DUBAI,- With the global fertiliser sector expected to grow at a relative flat rate till 2020, the industry can anticipate a period of change in the medium term, according to speakers at the 7th GPCA Fertiliser Convention in Dubai.
Hosted by the Gulf Petrochemicals and Chemicals Association (GPCA), the annual conference gathered industry experts at a three-day event.
Global fertiliser demand is expected to grow to 200 million tonnes by 2020, expanding by 1.3 percent year on year, according to forecasts by the International Fertiliser Industry Association (IFA). The GCC, meanwhile, holds a fertiliser portfolio of 37.7 million tonnes today, a capacity that is one-fourth of the region's total petrochemicals production capability, as per the GPCA.
"While the industry continues to expand its capacity, the GCC's fertiliser industry has three main challenges right now and in the future, that can also be seen as opportunities. From less than ideal market conditions, to nutrient losses into the environment, to the misuse of fertilisers our industry is in a state of change," said Dr. Abdulrahman Jawahery, Chairman, IFA.
"From optimisation projects and debottlenecking to shutting down obsolete capacity and postponing expansion plans, the industry is trying to come to terms with the flux," he added.
For GCC producers, further challenges appear in the form of changing behaviour of key consumers and evolving market conditions.
"Today, commercial farmers are looking at the reduction of use of fertilisers, as well as optimised use of this commodity. And we can also expect China to join the mature market club, like Western Europe and North America, where demand will grow but not at high rates," he continued. "This explains the relatively flat demand worldwide."
However, there are opportunities on the horizon.
"Africa can be a major market, and we already see major GCC companies like SABIC taking the lead here. With the Abuja declaration in 2006, where governments assigned targets for fertiliser use, the industry was set to grow exponentially. While these targets have been missed, the declaration represents a huge opportunity for our industry," said Dr. Jawahery.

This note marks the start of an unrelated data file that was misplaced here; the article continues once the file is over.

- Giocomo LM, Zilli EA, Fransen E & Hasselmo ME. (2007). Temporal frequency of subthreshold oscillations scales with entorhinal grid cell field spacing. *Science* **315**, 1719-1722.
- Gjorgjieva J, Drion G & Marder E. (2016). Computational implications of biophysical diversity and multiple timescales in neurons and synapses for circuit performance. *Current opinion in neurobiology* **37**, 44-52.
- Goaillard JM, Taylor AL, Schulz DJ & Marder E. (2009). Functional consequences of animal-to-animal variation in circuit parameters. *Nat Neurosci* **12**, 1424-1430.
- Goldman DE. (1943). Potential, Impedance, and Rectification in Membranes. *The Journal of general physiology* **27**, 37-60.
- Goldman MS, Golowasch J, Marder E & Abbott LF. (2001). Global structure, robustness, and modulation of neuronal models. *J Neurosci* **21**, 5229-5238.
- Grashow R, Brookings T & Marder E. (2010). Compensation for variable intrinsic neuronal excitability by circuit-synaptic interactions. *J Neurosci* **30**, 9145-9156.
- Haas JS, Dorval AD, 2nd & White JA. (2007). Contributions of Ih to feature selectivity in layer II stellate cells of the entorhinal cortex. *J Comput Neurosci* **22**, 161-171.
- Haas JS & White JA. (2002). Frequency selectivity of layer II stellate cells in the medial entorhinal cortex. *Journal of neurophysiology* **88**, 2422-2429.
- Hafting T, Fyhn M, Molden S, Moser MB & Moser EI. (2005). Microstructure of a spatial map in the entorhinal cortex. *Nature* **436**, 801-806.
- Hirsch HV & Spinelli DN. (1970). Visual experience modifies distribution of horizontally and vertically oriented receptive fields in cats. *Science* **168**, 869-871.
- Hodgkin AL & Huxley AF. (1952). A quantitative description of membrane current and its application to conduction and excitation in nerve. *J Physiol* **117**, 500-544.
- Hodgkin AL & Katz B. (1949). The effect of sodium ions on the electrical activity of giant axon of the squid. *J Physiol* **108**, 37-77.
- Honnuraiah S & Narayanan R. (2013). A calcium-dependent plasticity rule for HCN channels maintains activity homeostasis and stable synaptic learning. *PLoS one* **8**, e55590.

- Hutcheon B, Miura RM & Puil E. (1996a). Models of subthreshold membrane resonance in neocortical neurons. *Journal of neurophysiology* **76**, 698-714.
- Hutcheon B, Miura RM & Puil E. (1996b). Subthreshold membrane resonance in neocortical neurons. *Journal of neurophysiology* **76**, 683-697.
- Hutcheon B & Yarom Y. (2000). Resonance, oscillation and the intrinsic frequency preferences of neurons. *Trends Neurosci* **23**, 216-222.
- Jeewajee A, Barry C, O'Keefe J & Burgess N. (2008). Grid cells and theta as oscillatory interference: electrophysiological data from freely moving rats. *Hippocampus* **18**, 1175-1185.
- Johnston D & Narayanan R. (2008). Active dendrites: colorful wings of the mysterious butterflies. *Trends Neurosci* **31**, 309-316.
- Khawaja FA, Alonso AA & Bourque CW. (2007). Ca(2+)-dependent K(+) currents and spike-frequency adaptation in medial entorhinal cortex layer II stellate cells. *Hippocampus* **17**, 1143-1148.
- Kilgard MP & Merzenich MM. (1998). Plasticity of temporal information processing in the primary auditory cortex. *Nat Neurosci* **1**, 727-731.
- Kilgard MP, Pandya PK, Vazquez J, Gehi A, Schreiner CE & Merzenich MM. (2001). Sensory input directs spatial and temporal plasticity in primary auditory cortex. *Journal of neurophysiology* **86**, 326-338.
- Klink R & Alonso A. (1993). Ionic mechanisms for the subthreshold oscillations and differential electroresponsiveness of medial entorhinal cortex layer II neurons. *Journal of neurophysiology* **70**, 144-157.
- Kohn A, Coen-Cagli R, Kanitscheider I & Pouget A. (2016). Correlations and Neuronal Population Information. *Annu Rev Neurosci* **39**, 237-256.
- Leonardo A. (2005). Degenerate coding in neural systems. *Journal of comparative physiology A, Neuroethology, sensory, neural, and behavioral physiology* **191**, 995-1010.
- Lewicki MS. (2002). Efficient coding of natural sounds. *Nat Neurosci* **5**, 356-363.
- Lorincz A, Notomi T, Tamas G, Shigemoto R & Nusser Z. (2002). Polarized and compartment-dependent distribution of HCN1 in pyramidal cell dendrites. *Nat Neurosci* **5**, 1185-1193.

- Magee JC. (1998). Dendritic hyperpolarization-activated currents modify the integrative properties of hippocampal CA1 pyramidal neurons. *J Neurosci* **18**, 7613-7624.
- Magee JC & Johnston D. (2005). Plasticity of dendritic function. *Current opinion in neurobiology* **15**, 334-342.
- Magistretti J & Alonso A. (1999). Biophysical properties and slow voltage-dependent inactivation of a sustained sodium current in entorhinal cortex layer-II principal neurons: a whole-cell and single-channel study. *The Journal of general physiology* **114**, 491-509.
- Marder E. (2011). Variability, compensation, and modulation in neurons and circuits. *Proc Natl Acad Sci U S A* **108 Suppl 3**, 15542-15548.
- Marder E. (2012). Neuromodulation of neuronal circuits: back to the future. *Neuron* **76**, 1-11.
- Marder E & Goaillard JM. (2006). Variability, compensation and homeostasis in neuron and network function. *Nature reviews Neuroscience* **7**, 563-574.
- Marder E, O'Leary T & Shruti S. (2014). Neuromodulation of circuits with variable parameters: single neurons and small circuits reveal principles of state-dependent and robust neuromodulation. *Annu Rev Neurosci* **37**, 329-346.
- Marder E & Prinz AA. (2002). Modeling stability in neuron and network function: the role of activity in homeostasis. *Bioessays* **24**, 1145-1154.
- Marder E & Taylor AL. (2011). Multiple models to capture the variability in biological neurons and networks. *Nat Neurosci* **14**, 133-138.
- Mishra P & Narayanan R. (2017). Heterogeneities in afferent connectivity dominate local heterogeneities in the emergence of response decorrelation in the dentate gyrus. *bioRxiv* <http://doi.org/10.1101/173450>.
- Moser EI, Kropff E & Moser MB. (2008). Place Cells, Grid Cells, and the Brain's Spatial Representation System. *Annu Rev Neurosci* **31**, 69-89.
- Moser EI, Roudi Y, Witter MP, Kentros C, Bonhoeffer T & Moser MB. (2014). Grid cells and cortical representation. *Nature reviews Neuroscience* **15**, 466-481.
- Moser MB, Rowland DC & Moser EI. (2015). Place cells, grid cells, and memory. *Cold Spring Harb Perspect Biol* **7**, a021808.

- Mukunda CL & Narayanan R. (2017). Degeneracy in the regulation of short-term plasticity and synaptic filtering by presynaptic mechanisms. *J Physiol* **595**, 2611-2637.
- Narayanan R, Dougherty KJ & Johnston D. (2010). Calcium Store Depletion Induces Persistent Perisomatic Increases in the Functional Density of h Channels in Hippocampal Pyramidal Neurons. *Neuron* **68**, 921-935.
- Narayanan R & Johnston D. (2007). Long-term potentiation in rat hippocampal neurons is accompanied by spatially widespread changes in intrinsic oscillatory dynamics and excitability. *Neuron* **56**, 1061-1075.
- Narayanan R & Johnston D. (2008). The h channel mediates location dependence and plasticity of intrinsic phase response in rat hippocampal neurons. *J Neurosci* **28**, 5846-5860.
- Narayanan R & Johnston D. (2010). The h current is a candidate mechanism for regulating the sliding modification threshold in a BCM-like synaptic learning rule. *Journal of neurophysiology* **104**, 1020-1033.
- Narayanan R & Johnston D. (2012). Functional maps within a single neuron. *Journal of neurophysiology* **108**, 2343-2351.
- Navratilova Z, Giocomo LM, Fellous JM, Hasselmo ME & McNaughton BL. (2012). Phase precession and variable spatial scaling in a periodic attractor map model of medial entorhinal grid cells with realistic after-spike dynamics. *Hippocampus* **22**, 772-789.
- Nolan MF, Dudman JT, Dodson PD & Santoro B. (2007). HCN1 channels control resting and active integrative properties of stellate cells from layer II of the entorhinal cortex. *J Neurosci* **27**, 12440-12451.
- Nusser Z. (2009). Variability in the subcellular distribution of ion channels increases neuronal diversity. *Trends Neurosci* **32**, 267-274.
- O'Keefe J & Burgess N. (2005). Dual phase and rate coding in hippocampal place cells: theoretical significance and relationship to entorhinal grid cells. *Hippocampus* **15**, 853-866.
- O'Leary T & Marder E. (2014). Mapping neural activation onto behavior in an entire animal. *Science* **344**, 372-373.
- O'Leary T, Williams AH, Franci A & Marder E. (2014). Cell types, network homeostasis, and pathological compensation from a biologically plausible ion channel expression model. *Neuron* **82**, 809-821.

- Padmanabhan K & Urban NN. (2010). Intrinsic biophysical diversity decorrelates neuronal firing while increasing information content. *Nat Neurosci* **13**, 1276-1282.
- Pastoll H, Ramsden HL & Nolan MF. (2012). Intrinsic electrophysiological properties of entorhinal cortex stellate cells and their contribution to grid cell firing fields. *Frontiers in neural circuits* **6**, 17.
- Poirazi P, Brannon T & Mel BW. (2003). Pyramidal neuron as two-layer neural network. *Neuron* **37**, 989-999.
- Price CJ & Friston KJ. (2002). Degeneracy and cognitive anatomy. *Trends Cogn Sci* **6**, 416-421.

"Meanwhile, markets such as India operate on a subsidised regime that support nitrogen fertilisers. This can lead to overuse, but is also an opportunity for phosphate fertilisers. The questions we need to ask ourselves are as follows: how can we help regions such as Africa grow? And how can we promote a more balanced use of fertilisers in South Asia?" he asked.
A future opportunity, another expert said, lies in solutions rather than products.
"A key challenge in the world is the difference in soil from one place to another. For example, 41 percent of the world's soil is over saline, the ground in the United States is low in sulphur and here in the region, we have arable land," said Ahmed M. Al Qahtani, General Manager, Business Strategy, Agri-nutrients, SABIC.
"You cannot have a general product for all countries. What you must do is to tailor your solution for the country you are addressing," he explained.
China, according to Al Qahtani, is an emerging influencer in the global fertiliser market. "Their market is maturing, but they are looking at solutions. From coal plants that produce ultra-low emissions and phasing out old plants to fast introductions of fertiliser solutions, China is an innovator."
The agility of Chinese producers has a huge implication for GCC fertiliser companies.
"With the maturing of the Chinese market, it is unlikely that this country will be a major destination for GCC-produced fertilisers, though it may continue to import a small amount of specialty fertilisers," stated Dr. Abdulwahab Al-Sadoun, Secretary-General, GPCA.
"The key consideration for producers in the Arabian Gulf however, is that Chinese fertiliser manufacturers will build on their dominant position in producing nitrogen and phosphate based fertilisers, and eventually, take away market share in key export countries," he explained.
Source: Emirates News Agency